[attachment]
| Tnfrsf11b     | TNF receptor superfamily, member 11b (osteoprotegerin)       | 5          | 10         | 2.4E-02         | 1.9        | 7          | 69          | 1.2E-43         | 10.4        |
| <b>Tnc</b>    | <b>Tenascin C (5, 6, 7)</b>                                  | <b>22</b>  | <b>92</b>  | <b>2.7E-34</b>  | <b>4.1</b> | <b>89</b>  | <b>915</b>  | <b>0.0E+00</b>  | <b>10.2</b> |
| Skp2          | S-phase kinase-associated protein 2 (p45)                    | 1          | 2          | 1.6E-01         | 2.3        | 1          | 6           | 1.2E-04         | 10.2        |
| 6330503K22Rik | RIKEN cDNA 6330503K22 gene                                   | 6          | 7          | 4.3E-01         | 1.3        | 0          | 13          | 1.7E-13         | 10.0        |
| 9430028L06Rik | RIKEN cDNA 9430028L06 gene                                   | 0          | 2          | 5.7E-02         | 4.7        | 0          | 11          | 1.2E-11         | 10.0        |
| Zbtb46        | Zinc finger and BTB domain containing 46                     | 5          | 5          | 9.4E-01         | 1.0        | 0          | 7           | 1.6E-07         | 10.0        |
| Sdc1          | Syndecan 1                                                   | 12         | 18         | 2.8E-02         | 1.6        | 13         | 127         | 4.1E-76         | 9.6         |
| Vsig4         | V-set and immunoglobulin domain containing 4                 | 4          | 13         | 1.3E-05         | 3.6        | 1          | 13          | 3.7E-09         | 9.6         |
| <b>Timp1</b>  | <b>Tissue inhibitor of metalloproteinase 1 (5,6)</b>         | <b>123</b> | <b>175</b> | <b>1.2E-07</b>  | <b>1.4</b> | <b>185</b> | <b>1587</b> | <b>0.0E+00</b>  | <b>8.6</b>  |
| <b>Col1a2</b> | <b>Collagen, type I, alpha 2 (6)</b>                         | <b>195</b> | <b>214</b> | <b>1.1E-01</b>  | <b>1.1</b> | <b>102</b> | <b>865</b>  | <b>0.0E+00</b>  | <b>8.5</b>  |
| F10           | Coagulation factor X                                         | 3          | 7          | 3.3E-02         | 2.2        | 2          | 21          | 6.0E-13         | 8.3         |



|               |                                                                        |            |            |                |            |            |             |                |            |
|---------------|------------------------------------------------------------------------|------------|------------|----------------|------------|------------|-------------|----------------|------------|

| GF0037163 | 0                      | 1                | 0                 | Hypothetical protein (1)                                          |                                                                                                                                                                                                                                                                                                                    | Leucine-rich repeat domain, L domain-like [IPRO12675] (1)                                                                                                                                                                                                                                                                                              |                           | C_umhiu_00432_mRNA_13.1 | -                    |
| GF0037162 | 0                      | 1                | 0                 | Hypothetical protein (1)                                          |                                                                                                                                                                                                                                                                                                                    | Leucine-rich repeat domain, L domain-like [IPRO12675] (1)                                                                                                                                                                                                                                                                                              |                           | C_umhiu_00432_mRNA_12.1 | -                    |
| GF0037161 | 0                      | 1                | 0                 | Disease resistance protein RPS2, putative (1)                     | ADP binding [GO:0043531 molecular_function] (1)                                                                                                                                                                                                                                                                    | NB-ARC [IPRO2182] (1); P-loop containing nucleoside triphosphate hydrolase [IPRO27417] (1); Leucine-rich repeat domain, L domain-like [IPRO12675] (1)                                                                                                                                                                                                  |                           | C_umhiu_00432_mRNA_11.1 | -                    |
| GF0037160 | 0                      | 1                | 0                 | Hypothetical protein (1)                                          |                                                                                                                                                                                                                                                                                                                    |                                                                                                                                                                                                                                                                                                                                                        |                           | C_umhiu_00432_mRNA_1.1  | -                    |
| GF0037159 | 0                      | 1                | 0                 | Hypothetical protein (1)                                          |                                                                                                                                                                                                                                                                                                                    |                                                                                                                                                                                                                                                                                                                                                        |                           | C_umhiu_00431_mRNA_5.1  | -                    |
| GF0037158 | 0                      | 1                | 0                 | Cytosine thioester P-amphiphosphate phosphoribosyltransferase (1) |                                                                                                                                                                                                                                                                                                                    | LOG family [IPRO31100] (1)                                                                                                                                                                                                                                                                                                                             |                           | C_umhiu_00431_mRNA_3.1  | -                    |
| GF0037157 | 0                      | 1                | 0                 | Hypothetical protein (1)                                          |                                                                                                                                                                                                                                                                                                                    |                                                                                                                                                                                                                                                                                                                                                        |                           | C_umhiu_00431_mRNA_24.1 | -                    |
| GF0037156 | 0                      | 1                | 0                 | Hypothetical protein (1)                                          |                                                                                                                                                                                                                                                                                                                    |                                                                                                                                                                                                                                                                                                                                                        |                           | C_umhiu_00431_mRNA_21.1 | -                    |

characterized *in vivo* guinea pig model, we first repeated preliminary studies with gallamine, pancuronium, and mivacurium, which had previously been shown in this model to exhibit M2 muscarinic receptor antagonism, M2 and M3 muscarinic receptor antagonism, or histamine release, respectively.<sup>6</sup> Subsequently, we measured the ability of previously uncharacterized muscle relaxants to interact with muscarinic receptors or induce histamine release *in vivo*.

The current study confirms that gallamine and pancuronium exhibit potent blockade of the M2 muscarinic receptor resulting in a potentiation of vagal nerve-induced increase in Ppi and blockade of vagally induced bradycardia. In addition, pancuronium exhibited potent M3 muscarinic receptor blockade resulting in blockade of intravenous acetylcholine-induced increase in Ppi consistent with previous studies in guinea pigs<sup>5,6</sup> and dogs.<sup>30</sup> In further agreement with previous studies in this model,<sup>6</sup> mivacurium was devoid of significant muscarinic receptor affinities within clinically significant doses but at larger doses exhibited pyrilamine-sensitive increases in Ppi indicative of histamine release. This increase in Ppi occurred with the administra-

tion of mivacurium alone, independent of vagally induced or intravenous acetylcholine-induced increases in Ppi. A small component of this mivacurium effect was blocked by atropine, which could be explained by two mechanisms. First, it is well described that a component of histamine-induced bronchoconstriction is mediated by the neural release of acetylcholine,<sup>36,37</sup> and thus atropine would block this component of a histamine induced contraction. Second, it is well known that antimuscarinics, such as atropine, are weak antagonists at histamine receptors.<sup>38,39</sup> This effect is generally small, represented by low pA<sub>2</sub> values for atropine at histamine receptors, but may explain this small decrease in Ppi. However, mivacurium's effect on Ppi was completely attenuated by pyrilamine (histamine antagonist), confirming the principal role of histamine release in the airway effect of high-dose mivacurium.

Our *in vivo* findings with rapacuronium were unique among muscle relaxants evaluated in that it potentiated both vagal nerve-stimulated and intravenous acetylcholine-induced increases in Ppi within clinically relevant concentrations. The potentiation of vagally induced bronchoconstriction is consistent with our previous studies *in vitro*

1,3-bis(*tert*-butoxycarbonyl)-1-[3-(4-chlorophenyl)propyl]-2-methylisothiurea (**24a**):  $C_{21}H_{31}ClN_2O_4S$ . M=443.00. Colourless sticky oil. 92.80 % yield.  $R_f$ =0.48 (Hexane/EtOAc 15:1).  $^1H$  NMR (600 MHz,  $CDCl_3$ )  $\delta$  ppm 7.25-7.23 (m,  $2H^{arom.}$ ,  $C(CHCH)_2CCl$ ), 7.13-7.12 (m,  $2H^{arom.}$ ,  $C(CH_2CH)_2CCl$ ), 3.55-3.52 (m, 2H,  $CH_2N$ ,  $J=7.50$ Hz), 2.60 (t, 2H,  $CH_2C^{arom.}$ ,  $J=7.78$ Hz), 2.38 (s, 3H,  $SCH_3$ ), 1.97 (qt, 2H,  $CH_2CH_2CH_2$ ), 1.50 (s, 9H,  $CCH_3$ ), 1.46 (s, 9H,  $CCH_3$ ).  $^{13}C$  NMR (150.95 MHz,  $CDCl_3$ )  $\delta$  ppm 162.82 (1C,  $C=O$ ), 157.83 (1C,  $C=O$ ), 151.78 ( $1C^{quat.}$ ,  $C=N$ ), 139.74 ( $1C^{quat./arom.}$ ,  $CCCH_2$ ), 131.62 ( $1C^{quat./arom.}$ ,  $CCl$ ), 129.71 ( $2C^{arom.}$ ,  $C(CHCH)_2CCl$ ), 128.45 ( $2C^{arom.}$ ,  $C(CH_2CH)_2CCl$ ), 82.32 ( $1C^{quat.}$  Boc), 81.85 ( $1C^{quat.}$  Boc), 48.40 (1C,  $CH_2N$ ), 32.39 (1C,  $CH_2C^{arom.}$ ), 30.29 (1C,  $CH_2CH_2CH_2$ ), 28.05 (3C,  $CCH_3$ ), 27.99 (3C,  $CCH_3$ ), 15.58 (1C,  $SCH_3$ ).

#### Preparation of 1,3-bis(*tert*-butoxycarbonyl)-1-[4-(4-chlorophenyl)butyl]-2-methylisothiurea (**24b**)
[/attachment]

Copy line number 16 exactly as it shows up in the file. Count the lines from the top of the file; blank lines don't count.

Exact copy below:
| GF0037161 | 0                      | 1                | 0                 | Disease resistance protein RPS2, putative (1)                     | ADP binding [GO:0043531 molecular_function] (1)                                                                                                                                                                                                                                                                    | NB-ARC [IPRO2182] (1); P-loop containing nucleoside triphosphate hydrolase [IPRO27417] (1); Leucine-rich repeat domain, L domain-like [IPRO12675] (1)                                                                                                                                                                                                  |                           | C_umhiu_00432_mRNA_11.1 | -                    |